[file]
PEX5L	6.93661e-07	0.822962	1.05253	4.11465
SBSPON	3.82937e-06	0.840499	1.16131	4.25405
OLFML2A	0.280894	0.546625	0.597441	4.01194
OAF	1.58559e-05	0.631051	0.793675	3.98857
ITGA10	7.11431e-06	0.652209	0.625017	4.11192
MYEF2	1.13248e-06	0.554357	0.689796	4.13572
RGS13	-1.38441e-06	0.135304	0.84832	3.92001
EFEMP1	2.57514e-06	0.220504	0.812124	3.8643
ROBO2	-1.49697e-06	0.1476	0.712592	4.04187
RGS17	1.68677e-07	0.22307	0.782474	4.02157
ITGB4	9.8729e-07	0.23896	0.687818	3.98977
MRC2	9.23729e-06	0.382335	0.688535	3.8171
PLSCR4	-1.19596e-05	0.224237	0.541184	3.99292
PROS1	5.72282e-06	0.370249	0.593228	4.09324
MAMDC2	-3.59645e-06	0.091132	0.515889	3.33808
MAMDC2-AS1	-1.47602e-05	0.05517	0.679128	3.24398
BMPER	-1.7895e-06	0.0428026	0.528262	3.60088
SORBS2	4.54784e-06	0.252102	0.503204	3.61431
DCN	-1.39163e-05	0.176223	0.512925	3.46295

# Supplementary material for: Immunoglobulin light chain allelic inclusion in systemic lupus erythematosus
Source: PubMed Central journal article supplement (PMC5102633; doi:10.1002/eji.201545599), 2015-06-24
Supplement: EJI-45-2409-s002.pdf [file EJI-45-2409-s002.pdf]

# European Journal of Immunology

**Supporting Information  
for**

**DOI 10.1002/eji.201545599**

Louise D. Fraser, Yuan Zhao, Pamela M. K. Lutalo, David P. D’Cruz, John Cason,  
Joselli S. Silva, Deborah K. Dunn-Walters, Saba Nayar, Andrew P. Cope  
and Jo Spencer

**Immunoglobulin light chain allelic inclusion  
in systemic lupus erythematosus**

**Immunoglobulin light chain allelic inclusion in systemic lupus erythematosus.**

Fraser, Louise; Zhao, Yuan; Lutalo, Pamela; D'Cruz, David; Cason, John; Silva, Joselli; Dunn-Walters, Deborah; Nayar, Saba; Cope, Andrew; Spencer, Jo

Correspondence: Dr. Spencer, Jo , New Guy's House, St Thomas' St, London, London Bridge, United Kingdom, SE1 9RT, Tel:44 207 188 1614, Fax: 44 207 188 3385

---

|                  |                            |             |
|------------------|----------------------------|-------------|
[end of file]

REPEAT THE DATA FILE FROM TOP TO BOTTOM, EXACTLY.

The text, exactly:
PEX5L	6.93661e-07	0.822962	1.05253	4.11465
SBSPON	3.82937e-06	0.840499	1.16131	4.25405
OLFML2A	0.280894	0.546625	0.597441	4.01194
OAF	1.58559e-05	0.631051	0.793675	3.98857
ITGA10	7.11431e-06	0.652209	0.625017	4.11192
MYEF2	1.13248e-06	0.554357	0.689796	4.13572
RGS13	-1.38441e-06	0.135304	0.84832	3.92001
EFEMP1	2.57514e-06	0.220504	0.812124	3.8643
ROBO2	-1.49697e-06	0.1476	0.712592	4.04187
RGS17	1.68677e-07	0.22307	0.782474	4.02157
ITGB4	9.8729e-07	0.23896	0.687818	3.98977
MRC2	9.23729e-06	0.382335	0.688535	3.8171
PLSCR4	-1.19596e-05	0.224237	0.541184	3.99292
PROS1	5.72282e-06	0.370249	0.593228	4.09324
MAMDC2	-3.59645e-06	0.091132	0.515889	3.33808
MAMDC2-AS1	-1.47602e-05	0.05517	0.679128	3.24398
BMPER	-1.7895e-06	0.0428026	0.528262	3.60088
SORBS2	4.54784e-06	0.252102	0.503204	3.61431
DCN	-1.39163e-05	0.176223	0.512925	3.46295

# Supplementary material for: Immunoglobulin light chain allelic inclusion in systemic lupus erythematosus
Source: PubMed Central journal article supplement (PMC5102633; doi:10.1002/eji.201545599), 2015-06-24
Supplement: EJI-45-2409-s002.pdf [file EJI-45-2409-s002.pdf]

# European Journal of Immunology

**Supporting Information  
for**

**DOI 10.1002/eji.201545599**

Louise D. Fraser, Yuan Zhao, Pamela M. K. Lutalo, David P. D’Cruz, John Cason,  
Joselli S. Silva, Deborah K. Dunn-Walters, Saba Nayar, Andrew P. Cope  
and Jo Spencer

**Immunoglobulin light chain allelic inclusion  
in systemic lupus erythematosus**

**Immunoglobulin light chain allelic inclusion in systemic lupus erythematosus.**

Fraser, Louise; Zhao, Yuan; Lutalo, Pamela; D'Cruz, David; Cason, John; Silva, Joselli; Dunn-Walters, Deborah; Nayar, Saba; Cope, Andrew; Spencer, Jo

Correspondence: Dr. Spencer, Jo , New Guy's House, St Thomas' St, London, London Bridge, United Kingdom, SE1 9RT, Tel:44 207 188 1614, Fax: 44 207 188 3385

---

|                  |                            |             |
|------------------|----------------------------|-------------|